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Centripetal Motion

  1. Oct 20, 2004 #1
    Would anyone be kind enough to explain the concept of centripetal (circular) motion to me?

    How accelerations are determined (i understand they are non constant);

    What factors affect this motion, and/or what factors relate to it.

    How do limits relate to this type of acceleration?


    Thank you.
    ---

    I understand the concept of this sort of acceleration. The speed remains constant throughout the cycles, however, the acceleration changes due tot he change in direction -- and thus a change in velocity.

    Howevever, i am not sure how frequency of the cycles affects e.g. tension (of a string, if a string is spinning with an attached rubber stopper for example), how mass affects frequency, and other relationships with frequency.
     
    Last edited by a moderator: Oct 20, 2004
  2. jcsd
  3. Oct 20, 2004 #2
    Sounds like a direct hw question from the text :uhh:

    Try giving it a try and I'm sure you can find all the answers on google
     
  4. Oct 20, 2004 #3
    It is not a direct homework question. Although I'm glad you feel my sentence structure seems like it :)

    I understand the concept of this sort of acceleration. The speed remains constant throughout the cycles, however, the acceleration changes due tot he change in direction -- and thus a change in velocity.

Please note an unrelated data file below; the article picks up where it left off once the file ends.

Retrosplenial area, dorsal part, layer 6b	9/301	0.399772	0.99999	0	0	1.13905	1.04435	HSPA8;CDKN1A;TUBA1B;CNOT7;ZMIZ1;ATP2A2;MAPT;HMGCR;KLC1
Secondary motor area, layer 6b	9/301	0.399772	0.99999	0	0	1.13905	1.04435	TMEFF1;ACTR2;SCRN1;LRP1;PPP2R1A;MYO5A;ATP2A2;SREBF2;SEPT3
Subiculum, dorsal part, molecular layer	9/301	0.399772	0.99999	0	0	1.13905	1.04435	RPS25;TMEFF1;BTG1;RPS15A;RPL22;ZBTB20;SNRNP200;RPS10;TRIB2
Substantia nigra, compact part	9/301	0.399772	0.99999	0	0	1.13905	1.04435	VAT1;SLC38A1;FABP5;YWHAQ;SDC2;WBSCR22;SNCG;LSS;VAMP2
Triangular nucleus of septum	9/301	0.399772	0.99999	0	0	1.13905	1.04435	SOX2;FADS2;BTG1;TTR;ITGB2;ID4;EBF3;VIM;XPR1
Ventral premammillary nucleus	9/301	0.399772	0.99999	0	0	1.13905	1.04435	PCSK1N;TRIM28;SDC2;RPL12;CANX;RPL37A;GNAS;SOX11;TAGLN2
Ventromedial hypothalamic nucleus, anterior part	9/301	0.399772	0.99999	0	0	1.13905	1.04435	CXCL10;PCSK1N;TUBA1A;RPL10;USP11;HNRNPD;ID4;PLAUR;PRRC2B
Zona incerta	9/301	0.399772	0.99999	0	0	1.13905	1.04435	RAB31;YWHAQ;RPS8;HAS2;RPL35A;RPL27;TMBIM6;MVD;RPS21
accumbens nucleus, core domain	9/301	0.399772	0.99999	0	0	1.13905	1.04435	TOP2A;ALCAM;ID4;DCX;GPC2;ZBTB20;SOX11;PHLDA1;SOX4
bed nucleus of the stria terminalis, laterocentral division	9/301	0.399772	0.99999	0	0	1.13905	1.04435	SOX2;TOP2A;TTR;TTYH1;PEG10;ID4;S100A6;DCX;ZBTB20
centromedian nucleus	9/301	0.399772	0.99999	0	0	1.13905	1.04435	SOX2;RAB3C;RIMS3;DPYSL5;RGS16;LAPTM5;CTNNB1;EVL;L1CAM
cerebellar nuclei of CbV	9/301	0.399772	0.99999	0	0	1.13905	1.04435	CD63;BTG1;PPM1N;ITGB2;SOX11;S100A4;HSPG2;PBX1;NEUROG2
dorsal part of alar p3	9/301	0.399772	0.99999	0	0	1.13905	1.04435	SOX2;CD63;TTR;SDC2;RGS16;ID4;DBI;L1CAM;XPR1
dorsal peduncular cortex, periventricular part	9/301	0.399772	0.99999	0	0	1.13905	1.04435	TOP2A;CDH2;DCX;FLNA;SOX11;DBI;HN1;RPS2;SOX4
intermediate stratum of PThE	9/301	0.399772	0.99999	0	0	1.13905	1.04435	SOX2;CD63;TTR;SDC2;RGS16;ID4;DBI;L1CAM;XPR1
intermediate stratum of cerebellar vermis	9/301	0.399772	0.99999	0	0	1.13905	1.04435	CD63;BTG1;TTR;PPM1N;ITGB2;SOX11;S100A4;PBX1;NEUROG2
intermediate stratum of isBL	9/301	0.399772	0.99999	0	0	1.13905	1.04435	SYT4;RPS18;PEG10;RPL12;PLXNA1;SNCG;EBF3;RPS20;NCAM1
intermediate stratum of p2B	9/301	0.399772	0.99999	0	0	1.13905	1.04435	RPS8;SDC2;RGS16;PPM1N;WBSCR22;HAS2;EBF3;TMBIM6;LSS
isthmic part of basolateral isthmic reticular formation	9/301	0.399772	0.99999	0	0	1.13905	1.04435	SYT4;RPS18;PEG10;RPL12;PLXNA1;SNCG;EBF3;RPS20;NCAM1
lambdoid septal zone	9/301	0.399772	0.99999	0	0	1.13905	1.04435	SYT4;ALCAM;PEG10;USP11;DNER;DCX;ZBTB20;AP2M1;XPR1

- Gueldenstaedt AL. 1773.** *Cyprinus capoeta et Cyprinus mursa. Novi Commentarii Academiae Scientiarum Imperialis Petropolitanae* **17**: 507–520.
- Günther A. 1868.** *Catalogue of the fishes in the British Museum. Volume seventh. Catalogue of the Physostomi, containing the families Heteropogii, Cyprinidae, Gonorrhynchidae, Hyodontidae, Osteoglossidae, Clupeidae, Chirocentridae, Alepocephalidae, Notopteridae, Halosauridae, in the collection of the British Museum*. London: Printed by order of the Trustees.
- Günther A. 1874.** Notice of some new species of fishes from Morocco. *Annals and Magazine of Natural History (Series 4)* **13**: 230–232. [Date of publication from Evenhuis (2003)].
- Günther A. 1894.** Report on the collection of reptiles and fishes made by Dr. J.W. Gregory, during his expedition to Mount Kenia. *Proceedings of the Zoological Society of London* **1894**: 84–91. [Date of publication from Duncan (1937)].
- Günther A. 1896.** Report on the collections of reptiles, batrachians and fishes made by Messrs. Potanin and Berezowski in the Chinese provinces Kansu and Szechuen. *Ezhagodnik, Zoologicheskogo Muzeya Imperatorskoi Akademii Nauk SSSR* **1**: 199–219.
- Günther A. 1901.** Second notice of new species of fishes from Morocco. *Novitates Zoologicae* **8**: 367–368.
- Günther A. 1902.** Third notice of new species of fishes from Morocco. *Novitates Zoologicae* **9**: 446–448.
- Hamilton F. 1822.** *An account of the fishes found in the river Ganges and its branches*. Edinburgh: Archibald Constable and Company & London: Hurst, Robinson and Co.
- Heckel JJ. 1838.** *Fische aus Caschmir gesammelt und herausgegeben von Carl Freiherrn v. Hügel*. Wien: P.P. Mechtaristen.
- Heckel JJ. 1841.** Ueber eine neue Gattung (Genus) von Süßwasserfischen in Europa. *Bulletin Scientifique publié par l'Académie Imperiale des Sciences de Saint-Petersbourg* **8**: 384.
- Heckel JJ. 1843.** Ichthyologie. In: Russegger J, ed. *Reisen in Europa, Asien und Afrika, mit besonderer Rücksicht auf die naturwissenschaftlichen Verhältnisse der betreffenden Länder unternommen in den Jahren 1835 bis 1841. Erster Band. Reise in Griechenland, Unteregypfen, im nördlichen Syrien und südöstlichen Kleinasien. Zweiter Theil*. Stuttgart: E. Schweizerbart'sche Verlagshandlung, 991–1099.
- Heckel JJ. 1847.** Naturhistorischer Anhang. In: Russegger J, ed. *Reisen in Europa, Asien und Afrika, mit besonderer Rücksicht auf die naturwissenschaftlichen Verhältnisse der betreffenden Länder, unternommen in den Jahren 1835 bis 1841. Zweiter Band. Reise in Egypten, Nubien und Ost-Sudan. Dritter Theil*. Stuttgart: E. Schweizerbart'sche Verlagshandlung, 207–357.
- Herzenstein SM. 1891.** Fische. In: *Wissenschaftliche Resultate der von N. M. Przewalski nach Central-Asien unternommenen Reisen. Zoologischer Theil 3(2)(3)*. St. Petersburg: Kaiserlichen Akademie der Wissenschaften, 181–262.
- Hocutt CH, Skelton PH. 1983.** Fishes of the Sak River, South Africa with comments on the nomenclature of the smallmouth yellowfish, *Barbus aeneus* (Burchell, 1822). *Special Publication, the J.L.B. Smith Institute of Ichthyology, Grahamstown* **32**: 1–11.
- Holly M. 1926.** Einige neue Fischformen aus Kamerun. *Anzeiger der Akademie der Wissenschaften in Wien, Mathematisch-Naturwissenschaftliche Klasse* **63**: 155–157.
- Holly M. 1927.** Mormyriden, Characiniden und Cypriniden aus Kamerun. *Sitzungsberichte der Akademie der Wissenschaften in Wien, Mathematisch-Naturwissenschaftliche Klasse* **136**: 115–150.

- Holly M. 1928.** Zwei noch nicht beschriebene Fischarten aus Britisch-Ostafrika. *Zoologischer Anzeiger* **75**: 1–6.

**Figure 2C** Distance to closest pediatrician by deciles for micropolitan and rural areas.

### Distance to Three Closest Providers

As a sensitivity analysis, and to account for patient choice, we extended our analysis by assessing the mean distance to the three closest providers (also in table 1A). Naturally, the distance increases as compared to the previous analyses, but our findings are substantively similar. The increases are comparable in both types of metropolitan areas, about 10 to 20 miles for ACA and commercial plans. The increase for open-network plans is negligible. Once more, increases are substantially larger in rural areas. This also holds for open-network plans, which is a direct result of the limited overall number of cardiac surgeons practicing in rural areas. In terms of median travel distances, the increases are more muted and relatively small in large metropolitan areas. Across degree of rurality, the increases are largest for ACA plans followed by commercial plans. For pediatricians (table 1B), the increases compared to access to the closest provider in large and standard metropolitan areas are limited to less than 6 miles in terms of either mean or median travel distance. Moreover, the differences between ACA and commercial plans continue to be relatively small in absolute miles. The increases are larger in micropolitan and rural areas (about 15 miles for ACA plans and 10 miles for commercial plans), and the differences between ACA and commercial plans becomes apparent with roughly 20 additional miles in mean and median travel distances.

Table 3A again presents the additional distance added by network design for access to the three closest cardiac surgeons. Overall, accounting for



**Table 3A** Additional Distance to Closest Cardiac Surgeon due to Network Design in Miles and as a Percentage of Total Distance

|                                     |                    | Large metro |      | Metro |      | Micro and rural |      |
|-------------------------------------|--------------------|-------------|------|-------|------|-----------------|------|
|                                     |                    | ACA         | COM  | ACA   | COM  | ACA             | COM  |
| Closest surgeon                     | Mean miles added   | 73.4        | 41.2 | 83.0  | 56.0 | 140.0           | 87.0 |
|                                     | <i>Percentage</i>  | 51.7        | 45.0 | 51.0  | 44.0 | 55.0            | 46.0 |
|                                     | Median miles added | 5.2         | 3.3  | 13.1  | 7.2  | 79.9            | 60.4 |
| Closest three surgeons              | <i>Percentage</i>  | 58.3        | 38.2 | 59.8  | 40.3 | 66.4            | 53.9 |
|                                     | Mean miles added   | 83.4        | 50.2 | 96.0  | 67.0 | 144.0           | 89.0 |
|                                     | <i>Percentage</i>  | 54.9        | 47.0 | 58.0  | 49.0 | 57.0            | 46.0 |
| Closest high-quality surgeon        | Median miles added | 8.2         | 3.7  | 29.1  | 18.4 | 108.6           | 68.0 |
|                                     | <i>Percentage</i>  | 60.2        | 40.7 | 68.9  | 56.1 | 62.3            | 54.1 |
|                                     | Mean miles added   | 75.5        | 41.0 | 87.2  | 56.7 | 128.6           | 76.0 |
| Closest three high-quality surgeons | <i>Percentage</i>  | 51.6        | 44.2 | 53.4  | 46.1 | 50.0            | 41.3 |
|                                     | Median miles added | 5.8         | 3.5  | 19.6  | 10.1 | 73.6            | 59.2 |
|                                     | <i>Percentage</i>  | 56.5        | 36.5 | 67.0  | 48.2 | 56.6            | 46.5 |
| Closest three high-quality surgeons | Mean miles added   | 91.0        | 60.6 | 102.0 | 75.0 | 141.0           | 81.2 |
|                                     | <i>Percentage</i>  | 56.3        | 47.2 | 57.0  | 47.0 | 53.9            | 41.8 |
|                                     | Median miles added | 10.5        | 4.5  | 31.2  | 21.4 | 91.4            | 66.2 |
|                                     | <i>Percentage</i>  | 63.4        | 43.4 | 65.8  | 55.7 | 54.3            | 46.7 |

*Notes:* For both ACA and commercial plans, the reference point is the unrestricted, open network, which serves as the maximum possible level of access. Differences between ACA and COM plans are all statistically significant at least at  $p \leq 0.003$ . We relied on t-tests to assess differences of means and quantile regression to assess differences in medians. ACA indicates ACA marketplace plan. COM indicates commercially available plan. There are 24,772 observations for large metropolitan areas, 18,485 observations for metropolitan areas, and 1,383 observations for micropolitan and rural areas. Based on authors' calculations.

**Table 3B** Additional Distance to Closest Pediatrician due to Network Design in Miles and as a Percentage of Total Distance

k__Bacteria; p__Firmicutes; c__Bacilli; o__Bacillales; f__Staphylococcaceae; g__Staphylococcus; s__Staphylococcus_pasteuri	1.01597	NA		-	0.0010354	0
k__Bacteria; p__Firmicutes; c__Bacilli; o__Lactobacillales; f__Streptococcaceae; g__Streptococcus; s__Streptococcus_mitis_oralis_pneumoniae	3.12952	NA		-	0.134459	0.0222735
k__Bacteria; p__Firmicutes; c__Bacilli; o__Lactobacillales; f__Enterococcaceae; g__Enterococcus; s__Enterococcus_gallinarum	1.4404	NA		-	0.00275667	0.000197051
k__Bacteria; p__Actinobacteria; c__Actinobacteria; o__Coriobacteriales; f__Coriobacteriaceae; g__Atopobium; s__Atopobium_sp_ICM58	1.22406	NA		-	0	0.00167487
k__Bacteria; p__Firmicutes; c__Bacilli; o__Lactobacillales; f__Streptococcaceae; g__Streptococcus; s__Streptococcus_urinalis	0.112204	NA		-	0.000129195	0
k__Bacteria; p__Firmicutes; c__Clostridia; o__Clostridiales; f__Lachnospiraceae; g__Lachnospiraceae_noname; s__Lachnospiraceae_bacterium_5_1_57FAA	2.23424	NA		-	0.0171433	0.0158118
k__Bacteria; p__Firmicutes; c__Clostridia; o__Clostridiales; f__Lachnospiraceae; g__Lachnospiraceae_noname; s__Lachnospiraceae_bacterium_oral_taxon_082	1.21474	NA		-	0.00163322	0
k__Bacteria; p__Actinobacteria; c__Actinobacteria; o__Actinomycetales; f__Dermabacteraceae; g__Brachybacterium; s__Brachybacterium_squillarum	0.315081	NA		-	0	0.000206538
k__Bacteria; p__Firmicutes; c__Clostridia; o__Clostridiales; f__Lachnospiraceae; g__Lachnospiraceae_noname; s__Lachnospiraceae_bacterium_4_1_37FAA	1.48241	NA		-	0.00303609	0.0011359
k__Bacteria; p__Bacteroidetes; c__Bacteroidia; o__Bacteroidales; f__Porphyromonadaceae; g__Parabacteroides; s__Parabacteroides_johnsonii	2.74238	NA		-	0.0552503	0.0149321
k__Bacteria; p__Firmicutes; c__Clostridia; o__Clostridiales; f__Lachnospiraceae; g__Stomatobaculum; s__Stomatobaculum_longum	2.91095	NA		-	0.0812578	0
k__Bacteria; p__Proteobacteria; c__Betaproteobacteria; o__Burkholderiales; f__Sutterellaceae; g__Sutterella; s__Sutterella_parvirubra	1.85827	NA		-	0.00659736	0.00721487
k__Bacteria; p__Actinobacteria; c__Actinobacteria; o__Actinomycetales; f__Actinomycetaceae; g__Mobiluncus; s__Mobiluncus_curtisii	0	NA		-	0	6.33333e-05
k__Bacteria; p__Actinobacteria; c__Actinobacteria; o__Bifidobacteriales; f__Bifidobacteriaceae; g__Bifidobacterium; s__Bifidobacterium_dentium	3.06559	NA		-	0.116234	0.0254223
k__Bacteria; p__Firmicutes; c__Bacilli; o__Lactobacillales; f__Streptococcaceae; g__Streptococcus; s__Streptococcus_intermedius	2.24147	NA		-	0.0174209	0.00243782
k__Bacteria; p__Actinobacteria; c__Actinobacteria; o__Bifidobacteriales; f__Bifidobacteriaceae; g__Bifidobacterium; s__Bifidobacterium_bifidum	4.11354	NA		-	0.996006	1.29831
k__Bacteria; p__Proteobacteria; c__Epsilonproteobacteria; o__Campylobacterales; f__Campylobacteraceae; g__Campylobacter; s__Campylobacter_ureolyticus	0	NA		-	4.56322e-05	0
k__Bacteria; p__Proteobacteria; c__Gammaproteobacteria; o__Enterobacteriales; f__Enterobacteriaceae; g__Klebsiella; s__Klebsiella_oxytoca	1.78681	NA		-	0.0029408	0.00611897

Howevever, i am not sure how frequency of the cycles affects e.g. tension (of a string, if a string is spinning with an attached rubber stopper for example), how mass affects frequency, and other relationships with frequency.
     
  5. Oct 20, 2004 #4
    Circular motion is characterized by an orbital radius r, a speed v, the mass m of the object which moves in a circle, and the magnitude F of the centripetal force. The force of the Centripetal motion equals (m*v^2)/r

    velocity=2*pi*R/T
    acceleration=v^2/R
    angular frequency= 2pi/T

    T is the period
     
    Last edited: Oct 20, 2004
  6. Oct 23, 2004 #5

    dav2008

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    That's assuming uniform circular motion where the only acceleration is towards the center of the circle.

    In non-uniform circular motion (where the speed of the object is accelerating) there is also a tangental component of acceleration that is tangent to the circle of motion. You can then take the vector product of the tangential and centripital acceleration to get the net acceleration.
     
  7. Oct 23, 2004 #6

    brewnog

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    Not quite. For your more simple cases, the speed is constant, but the direction is changing, and as a result the velocity is changing, so the object is accelerating.

    The acceleration is NOT changing!

    For more complex cases (as previously stated by dav2008) you can have a non-uniform acceleration, but I thought this needed clarifying first.
     
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